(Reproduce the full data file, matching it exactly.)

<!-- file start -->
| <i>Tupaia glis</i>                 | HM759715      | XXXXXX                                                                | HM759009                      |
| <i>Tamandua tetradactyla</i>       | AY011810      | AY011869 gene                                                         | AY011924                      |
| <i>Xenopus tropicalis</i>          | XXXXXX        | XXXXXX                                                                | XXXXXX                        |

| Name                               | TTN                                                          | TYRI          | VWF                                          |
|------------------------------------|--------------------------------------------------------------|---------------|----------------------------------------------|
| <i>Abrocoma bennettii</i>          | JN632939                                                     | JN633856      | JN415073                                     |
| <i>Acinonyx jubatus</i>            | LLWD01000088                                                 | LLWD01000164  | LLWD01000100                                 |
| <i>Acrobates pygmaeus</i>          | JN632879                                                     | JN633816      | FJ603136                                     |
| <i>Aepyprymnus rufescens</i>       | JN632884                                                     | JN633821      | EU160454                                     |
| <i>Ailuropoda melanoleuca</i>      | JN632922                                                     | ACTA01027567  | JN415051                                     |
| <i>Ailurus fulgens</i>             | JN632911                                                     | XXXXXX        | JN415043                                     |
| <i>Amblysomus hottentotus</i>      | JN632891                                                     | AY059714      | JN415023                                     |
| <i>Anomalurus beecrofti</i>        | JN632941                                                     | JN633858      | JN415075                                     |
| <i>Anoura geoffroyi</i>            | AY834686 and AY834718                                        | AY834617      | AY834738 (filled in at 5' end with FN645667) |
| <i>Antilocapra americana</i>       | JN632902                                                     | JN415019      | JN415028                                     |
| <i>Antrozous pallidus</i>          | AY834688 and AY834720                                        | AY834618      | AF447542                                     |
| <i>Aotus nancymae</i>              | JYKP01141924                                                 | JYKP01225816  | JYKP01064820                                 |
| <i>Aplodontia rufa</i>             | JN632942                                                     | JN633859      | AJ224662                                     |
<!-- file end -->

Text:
| <i>Tupaia glis</i>                 | HM759715      | XXXXXX                                                                | HM759009                      |
| <i>Tamandua tetradactyla</i>       | AY011810      | AY011869 gene                                                         | AY011924                      |
| <i>Xenopus tropicalis</i>          | XXXXXX        | XXXXXX                                                                | XXXXXX                        |

| Name                               | TTN                                                          | TYRI          | VWF                                          |
|------------------------------------|--------------------------------------------------------------|---------------|----------------------------------------------|
| <i>Abrocoma bennettii</i>          | JN632939                                                     | JN633856      | JN415073                                     |
| <i>Acinonyx jubatus</i>            | LLWD01000088                                                 | LLWD01000164  | LLWD01000100                                 |
| <i>Acrobates pygmaeus</i>          | JN632879                                                     | JN633816      | FJ603136                                     |
| <i>Aepyprymnus rufescens</i>       | JN632884                                                     | JN633821      | EU160454                                     |
| <i>Ailuropoda melanoleuca</i>      | JN632922                                                     | ACTA01027567  | JN415051                                     |
| <i>Ailurus fulgens</i>             | JN632911                                                     | XXXXXX        | JN415043                                     |
| <i>Amblysomus hottentotus</i>      | JN632891                                                     | AY059714      | JN415023                                     |
| <i>Anomalurus beecrofti</i>        | JN632941                                                     | JN633858      | JN415075                                     |
| <i>Anoura geoffroyi</i>            | AY834686 and AY834718                                        | AY834617      | AY834738 (filled in at 5' end with FN645667) |
| <i>Antilocapra americana</i>       | JN632902                                                     | JN415019      | JN415028                                     |
| <i>Antrozous pallidus</i>          | AY834688 and AY834720                                        | AY834618      | AF447542                                     |
| <i>Aotus nancymae</i>              | JYKP01141924                                                 | JYKP01225816  | JYKP01064820                                 |
| <i>Aplodontia rufa</i>             | JN632942                                                     | JN633859      | AJ224662                                     |